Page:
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Speers is trying to work out exactly how much the government’s plan to reach net zero by 2050 will cost.

Speers wants to find out how much the plan is going to cost taxpayers, which Taylor disputes; the government’s line on climate action has for a long time been “technology not taxes” (even though government spending comes from taxpayer dollars).

I understand that’s what you’re hoping, but just to be clear, what are taxpayers going to have to pay under your plan to get to net zero?

Taxpayers are not paying anything, we are not raising taxes. That’s the important point here.

You are using taxpayers’ dollars, right, which could either be used to pay off debtor spend on hospitals or whatever. You are using taxpayers’ dollars. $20 billion you mentioned to get to2030. To get to net zero by 2050, what’s the cost to taxpayers?

Well, let’s be clear about what that $20billion is. That is money that we have invested through the CSIRO, the climate Solutions Fund, a range of different sources to bring down the costs of those technologies so they can raise productivity, strengthen the economy and grow the economy.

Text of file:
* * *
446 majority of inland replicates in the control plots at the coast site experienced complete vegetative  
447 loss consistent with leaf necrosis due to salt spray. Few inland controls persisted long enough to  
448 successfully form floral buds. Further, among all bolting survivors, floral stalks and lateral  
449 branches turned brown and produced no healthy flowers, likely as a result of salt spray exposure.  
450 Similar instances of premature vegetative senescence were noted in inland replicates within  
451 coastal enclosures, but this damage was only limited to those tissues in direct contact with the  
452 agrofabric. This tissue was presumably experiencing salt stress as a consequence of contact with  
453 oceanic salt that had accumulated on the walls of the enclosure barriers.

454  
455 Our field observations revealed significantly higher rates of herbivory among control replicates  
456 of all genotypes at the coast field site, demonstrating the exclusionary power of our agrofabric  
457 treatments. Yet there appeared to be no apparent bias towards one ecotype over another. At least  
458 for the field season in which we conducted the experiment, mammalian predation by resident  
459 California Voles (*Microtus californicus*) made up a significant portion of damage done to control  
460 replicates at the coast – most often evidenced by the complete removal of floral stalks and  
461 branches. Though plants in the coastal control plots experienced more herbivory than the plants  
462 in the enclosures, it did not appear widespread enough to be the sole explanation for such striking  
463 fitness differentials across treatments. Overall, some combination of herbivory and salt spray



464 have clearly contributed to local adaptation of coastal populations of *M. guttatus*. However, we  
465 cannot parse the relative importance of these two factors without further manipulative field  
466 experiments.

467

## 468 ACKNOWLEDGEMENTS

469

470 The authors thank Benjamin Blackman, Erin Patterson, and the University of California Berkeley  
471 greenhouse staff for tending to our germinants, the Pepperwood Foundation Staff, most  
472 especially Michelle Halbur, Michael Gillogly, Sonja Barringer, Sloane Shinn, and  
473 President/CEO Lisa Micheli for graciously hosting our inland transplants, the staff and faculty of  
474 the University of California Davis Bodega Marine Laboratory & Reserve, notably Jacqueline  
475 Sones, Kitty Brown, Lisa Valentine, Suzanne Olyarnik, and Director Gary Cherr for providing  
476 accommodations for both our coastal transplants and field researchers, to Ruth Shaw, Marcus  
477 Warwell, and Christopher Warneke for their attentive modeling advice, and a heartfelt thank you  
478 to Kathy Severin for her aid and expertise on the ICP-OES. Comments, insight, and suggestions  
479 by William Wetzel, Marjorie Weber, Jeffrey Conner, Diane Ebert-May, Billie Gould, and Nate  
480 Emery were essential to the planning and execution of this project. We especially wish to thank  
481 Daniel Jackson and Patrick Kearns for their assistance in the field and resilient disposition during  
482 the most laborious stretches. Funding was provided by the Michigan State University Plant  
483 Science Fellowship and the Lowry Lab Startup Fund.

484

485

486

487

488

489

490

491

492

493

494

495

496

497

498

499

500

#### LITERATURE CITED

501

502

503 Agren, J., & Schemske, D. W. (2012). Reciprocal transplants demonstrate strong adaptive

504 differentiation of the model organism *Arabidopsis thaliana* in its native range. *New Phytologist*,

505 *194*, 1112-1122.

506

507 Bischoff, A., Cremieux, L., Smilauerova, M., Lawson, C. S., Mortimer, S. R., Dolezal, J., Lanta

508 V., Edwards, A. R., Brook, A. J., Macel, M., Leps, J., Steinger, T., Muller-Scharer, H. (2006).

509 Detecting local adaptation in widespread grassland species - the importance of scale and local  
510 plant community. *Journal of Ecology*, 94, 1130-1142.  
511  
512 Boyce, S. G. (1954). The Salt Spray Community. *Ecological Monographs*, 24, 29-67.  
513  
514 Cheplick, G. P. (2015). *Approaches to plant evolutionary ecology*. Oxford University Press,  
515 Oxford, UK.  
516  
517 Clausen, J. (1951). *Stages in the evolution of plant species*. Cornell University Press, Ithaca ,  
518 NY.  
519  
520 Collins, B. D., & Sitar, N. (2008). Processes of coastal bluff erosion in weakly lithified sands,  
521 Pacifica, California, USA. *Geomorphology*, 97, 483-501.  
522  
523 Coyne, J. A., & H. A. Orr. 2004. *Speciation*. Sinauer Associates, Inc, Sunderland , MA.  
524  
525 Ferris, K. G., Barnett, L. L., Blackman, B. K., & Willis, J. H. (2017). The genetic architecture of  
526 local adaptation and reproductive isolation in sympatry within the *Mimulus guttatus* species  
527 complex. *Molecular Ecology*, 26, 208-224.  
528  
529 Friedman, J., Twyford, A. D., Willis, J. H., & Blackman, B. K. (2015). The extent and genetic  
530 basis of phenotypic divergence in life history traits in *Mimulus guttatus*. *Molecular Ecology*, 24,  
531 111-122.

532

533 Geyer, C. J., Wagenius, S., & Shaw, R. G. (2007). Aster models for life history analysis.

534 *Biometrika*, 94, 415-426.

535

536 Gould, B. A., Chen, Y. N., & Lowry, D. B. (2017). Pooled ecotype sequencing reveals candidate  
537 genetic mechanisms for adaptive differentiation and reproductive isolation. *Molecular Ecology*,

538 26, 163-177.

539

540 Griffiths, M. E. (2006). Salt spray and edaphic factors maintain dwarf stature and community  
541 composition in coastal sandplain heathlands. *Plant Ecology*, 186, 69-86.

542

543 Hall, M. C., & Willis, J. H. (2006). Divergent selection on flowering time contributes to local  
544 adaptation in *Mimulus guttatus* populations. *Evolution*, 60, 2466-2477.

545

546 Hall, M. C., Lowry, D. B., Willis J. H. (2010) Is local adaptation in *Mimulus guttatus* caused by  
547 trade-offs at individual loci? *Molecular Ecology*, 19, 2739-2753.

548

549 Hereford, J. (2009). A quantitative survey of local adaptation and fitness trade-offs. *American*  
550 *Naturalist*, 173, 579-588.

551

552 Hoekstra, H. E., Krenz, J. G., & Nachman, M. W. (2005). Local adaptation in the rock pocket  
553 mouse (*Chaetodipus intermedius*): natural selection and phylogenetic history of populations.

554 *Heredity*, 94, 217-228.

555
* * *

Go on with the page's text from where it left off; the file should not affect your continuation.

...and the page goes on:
Well, the whole purpose of the plan is to avoid imposing costs on Australians by deploying technology which has been the great engine behind human history, and achieving, solving hard problems, avoiding imposing those costs by deploying technology and not deploying taxes.

Now, we are investing $20bn in targeted expenditure. We’ve been laying that out, prioritising clean energies like clean hydrogen, low-emissions steel and aluminium … to carbon capture and storage, stored energy. These are the technologies we know cannot just reduce emissions for Australia, but reduce emissions around the world, David, and that’s why we are focused on those technologies. That’s how we do this.

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